• FIG. 2 shows the sulfur profile in the reactor, indicating that sulfur deposition is predominantly near the reactor entrance.
  • Furthermore, this test showed that the desulfurization rate is much faster than the hydrogenation rate to remove color. The following Table 1 shows that at various conditions of operation while the percentage reduction in UV-270 nm varies from 65 to 94%, the sulfur concentration in the PDO exiting the reactor is below the detection limit of 1 ppm.
    TABLE 1
    Temperature LHSV % Reduction % Reduction
    ° C. 1/h UV-270 Sulfur
    80 0.8 65.3 approx. 100
    100 0.4 91.4 approx. 100
    100 0.8 87.4 approx. 100
    100 1.2 78.1 approx. 100
    120 0.8 94.2 approx. 100
  • Example 2
  • Run-37 was conducted in a single reactor with 250 mm catalyst packing at various temperatures (80° C., 100° C., and 120° C., but mostly at 100° C.) at 2860 kPa, 0.8 1/h LHSV with H2/PDO=6.1 scc/g. The run continued until the reactor bed was partially deactivated but was still able to meet the desired UV specifications. The run was stopped and the catalyst was removed in segments and analyzed for sulfur.
  • FIG. 2 shows more distinctly that sulfur deposits predominantly near the entrance of the bed. The partially used bed (Run-37) shows most of the sulfur accumulated in the front one third of the bed. The extensively used catalyst bed (Run-36) shows most of the sulfur accumulated in the first half of the bed.
  • Example 3
  • Three segments of the spent catalyst from Run-36 were sampled to represent poisoned catalysts with different levels of sulfur on the catalyst. The hydrogenation activities of these samples and that of a sample of the fresh catalyst were measured under identical conditions of 3.8 1/h LHSV, 100° C., and 2860 kPa.
  • FIG. 3 shows that the catalyst activity for color removal, as measured by percent reduction in the absorption at UV-270 nm, decreases with increasing level of sulfur accumulated on the catalyst.
  • Example 4
  • Run-46 and Run-47 were conducted at 80° C. and 120° C., holding all other operating parameters, including the run duration identical (1.2 1/h LHSV, 2860 kPa, H2/PDO of 7.8 scc/g, for a duration corresponding to about 380 kg of PDO/kg of catalyst).
  • FIG. 4 shows the distribution of sulfur in the bed. At higher temperatures the rate of desulfurization increased, depositing the sulfur closer to the reactor entrance. This example demonstrates that by selecting the proper temperature, the sulfur deposition profile in the bed can be changed to accumulate the sulfur in a selected zone of the bed, thus protecting the entire bed from deactivation.
  • Example 5
  • Run-70 was carried out in two reactors arranged in series. The first reactor was packed with a portion of the poisoned catalyst from Run-36, which was well deactivated and had 6700 ppm of sulfur. This reactor served as a guard bed for the second reactor. The second reactor was packed with fresh catalyst containing 330 ppm sulfur. The run was carried out at 100° C., 1.2 1/h LHSV, 2860 kPa, H2/PDO of 7.8 scc/g for a duration corresponding to 1000 kg of PDO/kg catalyst.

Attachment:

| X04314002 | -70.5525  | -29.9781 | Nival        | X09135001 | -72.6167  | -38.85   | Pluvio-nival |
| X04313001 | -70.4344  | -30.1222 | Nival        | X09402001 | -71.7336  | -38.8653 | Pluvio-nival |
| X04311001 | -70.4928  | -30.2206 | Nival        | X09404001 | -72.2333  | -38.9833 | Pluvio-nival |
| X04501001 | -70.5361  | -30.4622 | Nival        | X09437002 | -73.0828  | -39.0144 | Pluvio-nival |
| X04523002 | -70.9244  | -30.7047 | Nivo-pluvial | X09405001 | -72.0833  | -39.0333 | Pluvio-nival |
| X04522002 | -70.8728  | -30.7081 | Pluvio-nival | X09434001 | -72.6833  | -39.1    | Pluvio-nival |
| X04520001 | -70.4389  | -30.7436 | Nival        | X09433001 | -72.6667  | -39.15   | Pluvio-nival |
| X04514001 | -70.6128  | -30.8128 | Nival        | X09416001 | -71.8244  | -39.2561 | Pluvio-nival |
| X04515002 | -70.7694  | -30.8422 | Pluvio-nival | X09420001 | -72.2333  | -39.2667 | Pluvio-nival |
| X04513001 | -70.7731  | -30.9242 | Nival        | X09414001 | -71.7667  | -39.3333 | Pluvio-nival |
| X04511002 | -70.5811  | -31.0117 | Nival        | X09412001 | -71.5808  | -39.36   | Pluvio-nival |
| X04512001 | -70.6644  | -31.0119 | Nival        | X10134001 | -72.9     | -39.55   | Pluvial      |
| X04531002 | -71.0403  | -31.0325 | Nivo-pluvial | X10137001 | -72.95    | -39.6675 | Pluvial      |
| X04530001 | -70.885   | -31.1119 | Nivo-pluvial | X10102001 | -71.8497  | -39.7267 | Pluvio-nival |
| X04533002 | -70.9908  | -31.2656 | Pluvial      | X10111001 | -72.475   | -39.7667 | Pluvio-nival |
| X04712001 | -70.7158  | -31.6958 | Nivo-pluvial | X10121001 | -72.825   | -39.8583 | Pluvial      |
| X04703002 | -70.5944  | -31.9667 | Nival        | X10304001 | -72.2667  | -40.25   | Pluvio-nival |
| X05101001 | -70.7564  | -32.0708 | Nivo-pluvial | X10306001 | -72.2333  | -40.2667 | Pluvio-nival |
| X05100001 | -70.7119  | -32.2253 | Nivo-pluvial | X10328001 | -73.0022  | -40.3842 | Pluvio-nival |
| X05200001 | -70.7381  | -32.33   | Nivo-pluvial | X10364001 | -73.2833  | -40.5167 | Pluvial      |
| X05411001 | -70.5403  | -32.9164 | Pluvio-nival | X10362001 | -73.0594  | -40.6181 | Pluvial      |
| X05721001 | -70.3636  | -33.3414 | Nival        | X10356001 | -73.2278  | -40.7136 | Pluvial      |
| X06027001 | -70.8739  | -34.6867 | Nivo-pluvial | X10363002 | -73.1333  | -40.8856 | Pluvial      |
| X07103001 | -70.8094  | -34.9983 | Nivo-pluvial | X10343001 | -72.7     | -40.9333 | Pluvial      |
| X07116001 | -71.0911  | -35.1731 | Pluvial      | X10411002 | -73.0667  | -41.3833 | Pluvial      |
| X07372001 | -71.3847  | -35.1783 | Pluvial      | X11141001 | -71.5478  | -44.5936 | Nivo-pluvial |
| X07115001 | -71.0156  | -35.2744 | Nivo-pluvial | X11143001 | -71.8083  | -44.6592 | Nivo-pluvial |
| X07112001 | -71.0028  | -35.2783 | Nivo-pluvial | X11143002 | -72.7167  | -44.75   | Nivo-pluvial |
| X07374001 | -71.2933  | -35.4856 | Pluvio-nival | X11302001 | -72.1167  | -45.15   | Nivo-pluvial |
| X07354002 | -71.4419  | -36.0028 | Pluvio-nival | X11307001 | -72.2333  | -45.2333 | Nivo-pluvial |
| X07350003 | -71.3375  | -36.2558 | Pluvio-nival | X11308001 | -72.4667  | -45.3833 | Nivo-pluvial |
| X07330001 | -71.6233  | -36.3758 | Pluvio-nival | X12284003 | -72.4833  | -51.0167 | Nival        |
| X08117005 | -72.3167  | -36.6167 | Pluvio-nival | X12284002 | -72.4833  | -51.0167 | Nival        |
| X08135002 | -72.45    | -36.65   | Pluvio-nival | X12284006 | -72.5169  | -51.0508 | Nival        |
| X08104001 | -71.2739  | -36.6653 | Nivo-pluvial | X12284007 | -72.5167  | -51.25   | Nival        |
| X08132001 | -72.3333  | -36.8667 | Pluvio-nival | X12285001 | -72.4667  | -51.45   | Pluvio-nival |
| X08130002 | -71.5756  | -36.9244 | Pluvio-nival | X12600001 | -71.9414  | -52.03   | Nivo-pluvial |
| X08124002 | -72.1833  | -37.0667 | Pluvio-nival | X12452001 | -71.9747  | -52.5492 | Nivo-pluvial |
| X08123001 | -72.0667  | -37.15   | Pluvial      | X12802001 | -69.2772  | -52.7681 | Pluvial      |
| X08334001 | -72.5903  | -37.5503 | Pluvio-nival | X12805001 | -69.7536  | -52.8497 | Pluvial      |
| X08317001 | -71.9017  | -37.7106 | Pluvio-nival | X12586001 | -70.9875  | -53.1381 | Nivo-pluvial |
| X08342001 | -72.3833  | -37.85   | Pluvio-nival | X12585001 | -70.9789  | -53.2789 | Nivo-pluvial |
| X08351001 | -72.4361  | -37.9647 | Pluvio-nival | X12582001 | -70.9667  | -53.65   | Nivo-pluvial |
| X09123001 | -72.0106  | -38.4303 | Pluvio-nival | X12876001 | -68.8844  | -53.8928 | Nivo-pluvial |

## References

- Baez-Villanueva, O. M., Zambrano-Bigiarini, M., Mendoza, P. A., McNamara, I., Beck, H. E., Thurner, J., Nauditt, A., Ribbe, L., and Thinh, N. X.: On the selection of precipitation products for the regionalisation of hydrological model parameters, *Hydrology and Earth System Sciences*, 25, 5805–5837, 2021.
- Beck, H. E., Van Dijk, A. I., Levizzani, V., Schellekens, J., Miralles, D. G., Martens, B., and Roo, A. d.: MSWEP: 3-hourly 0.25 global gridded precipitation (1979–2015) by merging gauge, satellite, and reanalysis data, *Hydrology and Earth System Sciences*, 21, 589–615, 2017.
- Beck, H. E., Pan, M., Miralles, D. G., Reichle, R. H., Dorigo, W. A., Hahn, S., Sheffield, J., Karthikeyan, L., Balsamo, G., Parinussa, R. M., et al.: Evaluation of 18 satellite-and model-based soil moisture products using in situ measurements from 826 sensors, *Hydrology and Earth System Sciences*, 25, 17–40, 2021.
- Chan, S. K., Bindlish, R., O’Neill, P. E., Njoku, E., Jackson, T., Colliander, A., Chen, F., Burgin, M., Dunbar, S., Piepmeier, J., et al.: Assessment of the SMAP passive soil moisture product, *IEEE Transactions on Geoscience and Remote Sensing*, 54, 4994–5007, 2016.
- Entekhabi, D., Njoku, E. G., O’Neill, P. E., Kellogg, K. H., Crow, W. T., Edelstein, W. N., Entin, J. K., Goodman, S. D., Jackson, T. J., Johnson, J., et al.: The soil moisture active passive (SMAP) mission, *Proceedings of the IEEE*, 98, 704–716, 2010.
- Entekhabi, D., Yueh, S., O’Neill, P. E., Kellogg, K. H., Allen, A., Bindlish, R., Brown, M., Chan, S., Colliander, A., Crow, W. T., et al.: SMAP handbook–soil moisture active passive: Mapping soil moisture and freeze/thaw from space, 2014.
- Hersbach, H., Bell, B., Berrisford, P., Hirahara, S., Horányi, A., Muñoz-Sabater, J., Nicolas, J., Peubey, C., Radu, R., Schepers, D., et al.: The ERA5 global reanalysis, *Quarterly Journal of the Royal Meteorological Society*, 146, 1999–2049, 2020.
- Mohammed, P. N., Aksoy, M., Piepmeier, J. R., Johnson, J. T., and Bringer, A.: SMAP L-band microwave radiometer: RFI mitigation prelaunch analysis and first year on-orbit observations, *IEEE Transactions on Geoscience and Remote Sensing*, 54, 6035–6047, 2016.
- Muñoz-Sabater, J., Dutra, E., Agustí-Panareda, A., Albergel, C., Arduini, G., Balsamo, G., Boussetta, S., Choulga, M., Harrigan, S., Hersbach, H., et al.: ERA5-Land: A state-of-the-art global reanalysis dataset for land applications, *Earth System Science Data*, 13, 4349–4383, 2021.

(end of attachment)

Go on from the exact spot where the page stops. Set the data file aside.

• Analysis of the poisoned catalyst in the guard bed reactor showed significant additional sulfur removal. The sulfur profile of the downstream reactor, which was protected by the guard bed, showed substantially lower sulfur deposition, as shown in FIG. 5.
  • Example 6
  • In order to evaluate the effect of guard bed in protecting the downstream bed, Run-71 was carried out in a single reactor, identical to the second reactor of Example 5, except that no guard bed was placed upstream of this reactor. The run conditions were identical to those of Run-70.
  • FIG. 5 shows the effect of the guard bed in protecting the fresh catalyst. In this example, the guard bed reduced the average sulfur deposition on the catalyst from 3000 ppm to about 1350 ppm, or by 55%.
  • Example 7
  • Run-76 was made with two reactors in series, both loaded with fresh catalyst, with a combined LHSV of 1.2 1/h at 120° C., 2860 kPa, and 6.9 scc of H2/g of PDO for a duration corresponding to 2100 kg PDO/kg catalyst. During this period the UV-270 of the product increased to 0.1 Absorption Units (AU). After completion of the run, the catalyst in the upstream reactor was replaced with fresh catalyst and this reactor was placed downstream of the reactor originally positioned downstream. The run with spent catalyst in the first reactor, Run-77, was carried out under conditions identical to those in Run-76 to a point where the UV-270 of the product reached the same level (0.1 AU) as in Run-76. This duration corresponded to 1600 kg PDO/kg catalyst. Since this was achieved by replacing only one reactor with fresh catalyst, two catalyst change outs would have given 3200 kg PDO/kg catalyst utilization. Thus compared with Run-76, it presented about 52% increased utilization of catalyst.
  • The exact percent increase in catalyst utilization may vary somewhat with the targeted product quality and operating conditions. This example clearly showed that application of the invention results in a significant increase in overall utilization of the catalyst relative to that achievable without the invention.
  • Example 8 Prophetic
  • For the hydrotreatment of petroleum feedstocks containing organometallic poisons, the following example is proposed. A set of experiments is conducted under typical hydrotreatment conditions (where the LHSV is varied, for example, from 0.01 to 10 1/h and the temperature is varied, for example, from 200° C. to 400° C.) to accomplish hydrodemetallation of the metal(s) contained in the feedstock and to concentrate the deposition of the metals in the most upstream reactor(s).
  • Under such suitable operating conditions, the metals can be deposited in a relatively narrow band in the most upstream reactor(s) of a multi-stage reactor system. Once the catalyst in the upstream loses its secondary reactivity for the removal of metals, the reactor can be removed or bypassed in the process reactor train and the reactor is then reloaded with fresh catalyst. This reloaded reactor is now placed downstream in the reactor train (preferably at the most downstream position), to provide the primary catalytic reaction to complete the desired degree of hydrotreatment. Cycling the reactors in this manner extends the overall utilization of the catalyst.